When I first saw a story about the new women’s-only music festival in Sweden, I was thrilled. I pictured a sort of gynic Nirvana, a Themyscira-type paradise full of women dancing and singing and drinking and braiding each other’s hair and swapping skincare tips and tossing their bras into the air at the end of the festival like sweaty mortarboards to celebrate graduating into full-blown Amazon warriors. Would we, over the course of three days, high on sisterhood, stale beer, and blown eardrums, begin the process of forming a new, women’s-only, autonomous state? I don’t know, but maybe! Then, I read the story below the headline.
The idea for a man-free rock festival came from Emma Knyckare, a Swedish comedian and radio show host. Knyckare put forth the suggestion after the organizers of Bråvalla, Sweden’s largest music festival, announced that the 2018 festival would be cancelled after reports of four rapes and 23 sexual assaults at this year’s event.
“Certain men … apparently cannot behave,” Bråvalla’s organizers wrote in an official statement following the close of this year’s festival. “It’s a shame. We have therefore decided to cancel Bråvalla 2018.”
My dreams of a female utopia shriveled up, scorched by a painful realization: the idea for this festival didn’t come from a desire to celebrate women; it came from a desire to protect them.
I’m not saying the festival won’t be a celebration, or that creating safe spaces for women is not important, but the fact that our only answer to women being attacked was to kick out men altogether feels like a failure on our part, as a society.
This man-free festival is an acknowledgment that men and women cannot currently exist in the same space without women being assaulted. It is an acknowledgment that women cannot be or feel truly safe if men are around. It is an acknowledgment that rape culture permeates every facet of our existence, and that a woman cannot even enjoy music without having to worry that her body and dignity will be violated by a man.
As a woman, I’m excited about this festival. As a human, I’m ashamed.
Rape and sexual assault have been huge problems at music festivals for many years. In 2015, a guy at Coachella was proudly pictured in a shirt that said "Eat Sleep Rape Repeat". In 2016, five rapes and 12 sexual assaults were reported at Bravalla, and five more at the Rokslide Festival in Denmark, and in June of this year, a woman was sexually assaulted on a bridge at the Glastonbury Festival in England.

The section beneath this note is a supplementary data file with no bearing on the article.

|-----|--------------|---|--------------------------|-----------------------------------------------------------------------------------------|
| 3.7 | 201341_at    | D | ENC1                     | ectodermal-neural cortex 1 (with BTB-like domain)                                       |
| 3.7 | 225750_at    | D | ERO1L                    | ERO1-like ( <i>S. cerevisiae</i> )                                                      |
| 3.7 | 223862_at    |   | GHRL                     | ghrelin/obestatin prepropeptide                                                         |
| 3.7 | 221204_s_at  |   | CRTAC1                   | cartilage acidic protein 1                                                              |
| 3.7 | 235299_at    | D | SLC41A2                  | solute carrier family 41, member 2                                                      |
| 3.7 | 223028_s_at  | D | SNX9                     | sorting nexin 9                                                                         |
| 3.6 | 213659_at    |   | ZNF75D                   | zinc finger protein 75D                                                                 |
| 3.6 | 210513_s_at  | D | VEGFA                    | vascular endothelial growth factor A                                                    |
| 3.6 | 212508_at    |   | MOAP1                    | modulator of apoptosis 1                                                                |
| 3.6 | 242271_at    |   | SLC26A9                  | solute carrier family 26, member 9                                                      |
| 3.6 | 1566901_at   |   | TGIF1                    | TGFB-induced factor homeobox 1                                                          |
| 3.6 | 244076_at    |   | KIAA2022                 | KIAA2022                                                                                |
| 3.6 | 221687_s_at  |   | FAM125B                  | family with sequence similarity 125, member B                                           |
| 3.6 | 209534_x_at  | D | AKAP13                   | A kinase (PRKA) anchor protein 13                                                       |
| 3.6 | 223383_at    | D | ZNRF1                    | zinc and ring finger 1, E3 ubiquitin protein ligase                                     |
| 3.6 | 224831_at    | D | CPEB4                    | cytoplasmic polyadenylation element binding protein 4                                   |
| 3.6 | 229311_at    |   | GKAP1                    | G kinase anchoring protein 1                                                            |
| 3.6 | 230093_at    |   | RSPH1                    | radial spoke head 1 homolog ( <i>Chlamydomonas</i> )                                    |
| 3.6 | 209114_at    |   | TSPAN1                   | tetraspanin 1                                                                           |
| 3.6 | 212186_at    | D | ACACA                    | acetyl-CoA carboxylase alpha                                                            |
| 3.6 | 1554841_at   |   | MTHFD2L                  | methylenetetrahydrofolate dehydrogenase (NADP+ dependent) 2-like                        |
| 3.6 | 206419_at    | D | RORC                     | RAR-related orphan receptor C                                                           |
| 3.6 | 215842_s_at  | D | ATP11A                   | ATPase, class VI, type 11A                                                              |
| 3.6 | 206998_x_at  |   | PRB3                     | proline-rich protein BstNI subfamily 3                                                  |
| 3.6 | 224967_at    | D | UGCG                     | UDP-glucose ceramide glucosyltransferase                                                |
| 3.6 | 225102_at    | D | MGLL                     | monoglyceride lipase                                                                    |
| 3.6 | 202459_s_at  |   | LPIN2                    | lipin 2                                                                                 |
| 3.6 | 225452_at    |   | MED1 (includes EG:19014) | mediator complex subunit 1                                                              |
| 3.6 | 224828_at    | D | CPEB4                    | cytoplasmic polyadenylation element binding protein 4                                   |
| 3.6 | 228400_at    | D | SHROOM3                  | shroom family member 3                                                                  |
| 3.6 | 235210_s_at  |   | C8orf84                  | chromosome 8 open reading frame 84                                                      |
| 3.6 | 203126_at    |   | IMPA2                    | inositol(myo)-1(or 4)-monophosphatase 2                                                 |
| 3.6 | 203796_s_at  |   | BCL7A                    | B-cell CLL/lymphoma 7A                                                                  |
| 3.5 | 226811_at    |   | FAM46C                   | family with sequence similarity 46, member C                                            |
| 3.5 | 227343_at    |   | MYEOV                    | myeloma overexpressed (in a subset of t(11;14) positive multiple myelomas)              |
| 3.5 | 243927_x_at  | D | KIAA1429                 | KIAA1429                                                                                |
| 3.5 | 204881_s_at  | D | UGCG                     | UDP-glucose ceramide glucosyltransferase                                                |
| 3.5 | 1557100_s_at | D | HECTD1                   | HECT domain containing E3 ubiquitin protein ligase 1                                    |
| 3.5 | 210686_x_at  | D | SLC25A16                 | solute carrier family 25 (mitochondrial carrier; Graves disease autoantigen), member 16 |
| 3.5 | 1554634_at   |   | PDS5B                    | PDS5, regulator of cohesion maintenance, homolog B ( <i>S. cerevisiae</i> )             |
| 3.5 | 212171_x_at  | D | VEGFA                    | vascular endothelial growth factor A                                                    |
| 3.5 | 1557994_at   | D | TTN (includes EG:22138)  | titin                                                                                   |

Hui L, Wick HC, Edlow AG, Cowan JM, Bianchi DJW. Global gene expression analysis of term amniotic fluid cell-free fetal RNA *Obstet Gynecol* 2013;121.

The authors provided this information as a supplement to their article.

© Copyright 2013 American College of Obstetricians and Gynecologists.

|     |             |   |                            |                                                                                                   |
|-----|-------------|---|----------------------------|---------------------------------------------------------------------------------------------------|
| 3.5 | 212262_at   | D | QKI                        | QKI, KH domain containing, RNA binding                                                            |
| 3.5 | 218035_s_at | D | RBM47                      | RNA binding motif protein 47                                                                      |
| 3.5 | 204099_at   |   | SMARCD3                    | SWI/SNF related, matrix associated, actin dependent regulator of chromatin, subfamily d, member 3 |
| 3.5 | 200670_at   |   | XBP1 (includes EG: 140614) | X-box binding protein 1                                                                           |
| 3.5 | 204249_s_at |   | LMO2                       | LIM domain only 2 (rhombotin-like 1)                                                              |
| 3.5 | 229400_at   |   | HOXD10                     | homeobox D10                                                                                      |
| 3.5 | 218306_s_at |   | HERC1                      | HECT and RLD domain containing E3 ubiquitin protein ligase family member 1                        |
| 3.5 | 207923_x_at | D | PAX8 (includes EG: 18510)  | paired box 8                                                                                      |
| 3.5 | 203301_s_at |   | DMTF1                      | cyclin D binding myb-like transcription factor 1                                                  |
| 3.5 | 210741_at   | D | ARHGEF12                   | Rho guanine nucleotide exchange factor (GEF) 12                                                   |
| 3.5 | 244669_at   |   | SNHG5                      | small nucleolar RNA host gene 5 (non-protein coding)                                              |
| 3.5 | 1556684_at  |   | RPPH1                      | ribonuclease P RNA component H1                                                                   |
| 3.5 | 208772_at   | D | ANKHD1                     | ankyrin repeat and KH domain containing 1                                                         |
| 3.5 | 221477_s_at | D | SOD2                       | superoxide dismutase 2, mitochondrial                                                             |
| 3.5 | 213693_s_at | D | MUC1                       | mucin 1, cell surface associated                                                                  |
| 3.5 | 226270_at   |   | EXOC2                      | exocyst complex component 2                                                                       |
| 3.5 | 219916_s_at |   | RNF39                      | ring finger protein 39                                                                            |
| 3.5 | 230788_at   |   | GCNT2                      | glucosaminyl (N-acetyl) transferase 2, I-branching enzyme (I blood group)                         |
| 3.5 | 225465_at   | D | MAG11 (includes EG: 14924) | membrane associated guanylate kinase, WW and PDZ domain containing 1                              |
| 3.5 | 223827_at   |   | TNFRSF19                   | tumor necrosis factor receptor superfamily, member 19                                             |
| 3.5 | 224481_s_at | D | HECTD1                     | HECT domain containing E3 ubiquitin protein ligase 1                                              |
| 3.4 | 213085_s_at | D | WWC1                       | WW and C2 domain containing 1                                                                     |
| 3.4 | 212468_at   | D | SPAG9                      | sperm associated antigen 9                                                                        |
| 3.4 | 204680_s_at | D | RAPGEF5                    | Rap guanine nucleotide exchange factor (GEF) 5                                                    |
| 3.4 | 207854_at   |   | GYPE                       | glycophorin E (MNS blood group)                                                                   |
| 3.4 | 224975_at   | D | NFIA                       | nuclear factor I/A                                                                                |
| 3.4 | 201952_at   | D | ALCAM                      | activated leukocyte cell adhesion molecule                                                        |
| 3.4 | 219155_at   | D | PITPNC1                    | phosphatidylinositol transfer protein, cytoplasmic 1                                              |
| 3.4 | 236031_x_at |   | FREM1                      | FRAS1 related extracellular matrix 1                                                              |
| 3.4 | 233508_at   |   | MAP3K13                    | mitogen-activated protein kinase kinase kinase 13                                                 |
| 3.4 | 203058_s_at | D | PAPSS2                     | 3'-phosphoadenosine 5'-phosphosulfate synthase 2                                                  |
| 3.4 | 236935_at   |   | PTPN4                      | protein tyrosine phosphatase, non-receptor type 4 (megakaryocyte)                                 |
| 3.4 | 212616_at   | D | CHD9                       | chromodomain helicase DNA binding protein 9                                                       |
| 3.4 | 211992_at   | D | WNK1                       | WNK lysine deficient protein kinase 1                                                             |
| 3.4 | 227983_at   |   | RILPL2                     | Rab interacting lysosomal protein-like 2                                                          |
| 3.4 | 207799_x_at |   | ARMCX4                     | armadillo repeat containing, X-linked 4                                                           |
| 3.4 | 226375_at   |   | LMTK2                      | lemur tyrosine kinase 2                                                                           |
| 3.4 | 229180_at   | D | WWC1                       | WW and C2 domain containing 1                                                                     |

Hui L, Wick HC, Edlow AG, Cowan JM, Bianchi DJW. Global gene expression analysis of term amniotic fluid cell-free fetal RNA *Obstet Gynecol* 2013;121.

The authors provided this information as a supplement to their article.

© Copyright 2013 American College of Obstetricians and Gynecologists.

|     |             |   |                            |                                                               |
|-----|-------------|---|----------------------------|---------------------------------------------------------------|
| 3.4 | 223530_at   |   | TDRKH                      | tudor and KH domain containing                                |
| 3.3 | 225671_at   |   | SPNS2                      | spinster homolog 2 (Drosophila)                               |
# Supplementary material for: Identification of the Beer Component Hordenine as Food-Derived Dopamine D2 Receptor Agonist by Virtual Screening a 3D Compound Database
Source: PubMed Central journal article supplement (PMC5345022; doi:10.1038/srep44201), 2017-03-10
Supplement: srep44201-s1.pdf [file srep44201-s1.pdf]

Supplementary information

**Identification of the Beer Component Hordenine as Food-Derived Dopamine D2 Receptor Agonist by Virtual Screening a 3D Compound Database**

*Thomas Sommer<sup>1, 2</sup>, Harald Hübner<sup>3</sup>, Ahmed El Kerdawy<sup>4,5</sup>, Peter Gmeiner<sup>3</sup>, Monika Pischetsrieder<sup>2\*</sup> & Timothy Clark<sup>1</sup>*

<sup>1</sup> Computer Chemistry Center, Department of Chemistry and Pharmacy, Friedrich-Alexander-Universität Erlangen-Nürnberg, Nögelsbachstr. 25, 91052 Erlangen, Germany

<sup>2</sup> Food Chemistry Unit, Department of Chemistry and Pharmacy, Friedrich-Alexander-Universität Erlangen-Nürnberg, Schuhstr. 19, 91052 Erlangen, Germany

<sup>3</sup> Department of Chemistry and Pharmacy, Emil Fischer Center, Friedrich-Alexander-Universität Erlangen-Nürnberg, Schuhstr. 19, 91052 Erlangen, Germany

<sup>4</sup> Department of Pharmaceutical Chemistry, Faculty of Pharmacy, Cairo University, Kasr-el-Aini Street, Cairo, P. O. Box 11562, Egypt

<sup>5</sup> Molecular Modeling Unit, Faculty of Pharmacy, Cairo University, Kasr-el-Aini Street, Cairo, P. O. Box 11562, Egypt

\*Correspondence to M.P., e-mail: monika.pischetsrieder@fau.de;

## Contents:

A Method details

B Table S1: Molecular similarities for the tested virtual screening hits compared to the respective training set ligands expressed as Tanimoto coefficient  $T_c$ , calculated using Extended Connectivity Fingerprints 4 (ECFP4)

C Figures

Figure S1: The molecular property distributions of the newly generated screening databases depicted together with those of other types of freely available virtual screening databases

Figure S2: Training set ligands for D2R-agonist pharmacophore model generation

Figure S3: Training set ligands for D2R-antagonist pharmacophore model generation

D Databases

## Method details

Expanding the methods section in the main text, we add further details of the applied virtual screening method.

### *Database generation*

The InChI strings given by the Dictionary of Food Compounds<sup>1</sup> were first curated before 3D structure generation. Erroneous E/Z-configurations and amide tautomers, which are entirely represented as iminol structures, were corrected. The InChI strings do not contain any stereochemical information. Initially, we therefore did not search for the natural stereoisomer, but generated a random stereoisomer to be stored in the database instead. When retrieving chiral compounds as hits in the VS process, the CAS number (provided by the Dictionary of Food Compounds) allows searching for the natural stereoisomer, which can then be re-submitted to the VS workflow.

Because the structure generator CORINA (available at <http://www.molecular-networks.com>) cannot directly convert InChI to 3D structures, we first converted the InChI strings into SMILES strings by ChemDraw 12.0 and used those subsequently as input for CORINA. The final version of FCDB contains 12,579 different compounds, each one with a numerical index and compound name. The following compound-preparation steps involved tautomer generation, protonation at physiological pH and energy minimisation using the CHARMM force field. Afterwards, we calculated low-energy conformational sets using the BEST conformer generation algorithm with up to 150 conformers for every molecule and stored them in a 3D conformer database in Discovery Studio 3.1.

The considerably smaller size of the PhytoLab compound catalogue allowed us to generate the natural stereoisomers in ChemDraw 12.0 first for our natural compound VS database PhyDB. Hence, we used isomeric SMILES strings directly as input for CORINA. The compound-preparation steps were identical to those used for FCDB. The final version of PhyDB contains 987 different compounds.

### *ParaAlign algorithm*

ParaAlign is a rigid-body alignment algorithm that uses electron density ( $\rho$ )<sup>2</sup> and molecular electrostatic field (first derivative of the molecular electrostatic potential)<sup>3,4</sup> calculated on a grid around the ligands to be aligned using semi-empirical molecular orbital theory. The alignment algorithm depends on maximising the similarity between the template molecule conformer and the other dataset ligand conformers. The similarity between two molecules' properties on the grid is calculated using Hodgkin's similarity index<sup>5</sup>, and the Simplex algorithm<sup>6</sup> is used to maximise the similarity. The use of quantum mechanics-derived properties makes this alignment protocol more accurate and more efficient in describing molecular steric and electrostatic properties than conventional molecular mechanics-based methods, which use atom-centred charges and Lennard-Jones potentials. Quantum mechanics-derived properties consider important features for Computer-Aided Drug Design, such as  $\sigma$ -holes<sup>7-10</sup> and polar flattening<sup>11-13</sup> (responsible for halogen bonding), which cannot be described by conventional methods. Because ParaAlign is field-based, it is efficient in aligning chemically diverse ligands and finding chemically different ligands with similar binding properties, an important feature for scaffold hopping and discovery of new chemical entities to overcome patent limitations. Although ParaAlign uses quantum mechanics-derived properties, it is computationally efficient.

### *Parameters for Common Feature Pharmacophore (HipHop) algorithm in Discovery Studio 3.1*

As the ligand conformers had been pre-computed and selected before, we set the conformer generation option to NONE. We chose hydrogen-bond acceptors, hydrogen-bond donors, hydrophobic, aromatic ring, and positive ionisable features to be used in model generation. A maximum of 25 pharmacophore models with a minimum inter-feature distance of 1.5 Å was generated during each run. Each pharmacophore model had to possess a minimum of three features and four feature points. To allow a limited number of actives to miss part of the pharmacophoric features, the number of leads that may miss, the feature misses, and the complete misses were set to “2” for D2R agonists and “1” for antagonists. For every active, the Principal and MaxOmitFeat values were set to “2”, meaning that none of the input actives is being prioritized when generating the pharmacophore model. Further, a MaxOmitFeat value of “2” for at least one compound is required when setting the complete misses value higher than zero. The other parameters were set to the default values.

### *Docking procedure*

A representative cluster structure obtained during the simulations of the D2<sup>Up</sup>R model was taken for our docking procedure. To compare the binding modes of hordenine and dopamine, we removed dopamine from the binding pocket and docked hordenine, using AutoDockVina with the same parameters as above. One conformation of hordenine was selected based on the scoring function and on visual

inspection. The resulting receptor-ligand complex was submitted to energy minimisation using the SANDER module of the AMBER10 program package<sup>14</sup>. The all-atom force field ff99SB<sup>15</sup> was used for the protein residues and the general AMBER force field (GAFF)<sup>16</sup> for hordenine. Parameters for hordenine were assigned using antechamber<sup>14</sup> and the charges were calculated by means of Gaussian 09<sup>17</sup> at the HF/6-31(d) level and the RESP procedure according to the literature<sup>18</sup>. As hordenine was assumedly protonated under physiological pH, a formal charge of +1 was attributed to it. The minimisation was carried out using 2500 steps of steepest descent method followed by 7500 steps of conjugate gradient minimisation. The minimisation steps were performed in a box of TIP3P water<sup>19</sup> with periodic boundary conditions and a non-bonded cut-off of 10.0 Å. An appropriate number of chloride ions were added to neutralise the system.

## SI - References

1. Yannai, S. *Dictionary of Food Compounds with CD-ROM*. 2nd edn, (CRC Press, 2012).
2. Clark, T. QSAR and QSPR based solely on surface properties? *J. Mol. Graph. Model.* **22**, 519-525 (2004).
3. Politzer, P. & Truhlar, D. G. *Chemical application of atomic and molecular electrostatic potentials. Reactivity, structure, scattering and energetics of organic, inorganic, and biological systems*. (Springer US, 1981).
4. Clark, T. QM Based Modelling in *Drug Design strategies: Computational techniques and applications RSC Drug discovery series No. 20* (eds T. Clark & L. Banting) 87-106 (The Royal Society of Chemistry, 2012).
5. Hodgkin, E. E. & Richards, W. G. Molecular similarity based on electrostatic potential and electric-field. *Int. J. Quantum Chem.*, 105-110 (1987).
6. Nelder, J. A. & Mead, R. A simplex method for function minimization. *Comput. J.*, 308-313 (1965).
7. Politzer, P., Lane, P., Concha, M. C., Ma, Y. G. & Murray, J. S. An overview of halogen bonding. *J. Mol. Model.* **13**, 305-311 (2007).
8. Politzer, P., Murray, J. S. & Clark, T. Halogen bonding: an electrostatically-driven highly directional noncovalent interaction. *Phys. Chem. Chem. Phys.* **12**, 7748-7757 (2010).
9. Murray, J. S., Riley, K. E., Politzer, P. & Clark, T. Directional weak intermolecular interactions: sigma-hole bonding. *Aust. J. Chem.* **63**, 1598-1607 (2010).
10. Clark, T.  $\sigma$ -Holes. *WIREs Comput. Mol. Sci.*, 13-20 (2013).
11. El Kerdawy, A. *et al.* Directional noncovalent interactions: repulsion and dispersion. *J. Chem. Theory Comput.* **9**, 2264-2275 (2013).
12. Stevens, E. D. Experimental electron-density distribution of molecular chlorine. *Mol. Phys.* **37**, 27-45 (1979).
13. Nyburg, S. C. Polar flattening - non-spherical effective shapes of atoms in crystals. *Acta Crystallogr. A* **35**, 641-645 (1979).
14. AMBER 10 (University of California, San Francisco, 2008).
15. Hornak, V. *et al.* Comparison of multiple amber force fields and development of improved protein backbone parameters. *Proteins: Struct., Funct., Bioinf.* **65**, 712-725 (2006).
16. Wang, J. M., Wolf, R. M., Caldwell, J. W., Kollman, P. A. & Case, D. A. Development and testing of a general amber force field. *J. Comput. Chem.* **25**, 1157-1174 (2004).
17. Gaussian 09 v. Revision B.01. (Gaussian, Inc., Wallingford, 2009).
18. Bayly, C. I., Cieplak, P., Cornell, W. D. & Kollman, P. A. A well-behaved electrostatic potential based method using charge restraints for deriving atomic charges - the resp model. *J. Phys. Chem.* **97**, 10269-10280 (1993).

Recently, festival organizers have begun to take notice (due in part to falling revenue — ticket sales for Bråvalla fell from 52,000 in 2016 to 45,000 in 2017). Some festival promoters are offering classes on sexual harassment for their staff and fans, and making medical teams available at the events who are trained in sexual assault. In 2016, Glastonbury introduced The Sisterhood, its first stage reserved exclusively for individuals who identify as women.
That steps are finally being taken to make music festivals into safer spaces for women is important, and banning men from certain events will almost certainly curb the threat of assault. Still, banning them is only a temporary fix, and a problematic one at that. Banning men suggests sexual assault is inevitable, like there is something written on the Y chromosome that makes guys powerless to violating women, when the truth is that some men make a choice to assault women. Sexual assault is not a given, and talking about it as such is detrimental both to the women who are led to believe this is their lot in life, and the men who feel they are not to blame for their own actions.
I have no doubt this women's-only festival will be wonderful. I am sure it will be a beautiful, fun, and memorable experience for the women who go. I am sure there will be dancing and singing and hair braiding. But the fact that it has to take place in order for women to be able to safely enjoy music should make us, as humans, pretty embarrassed.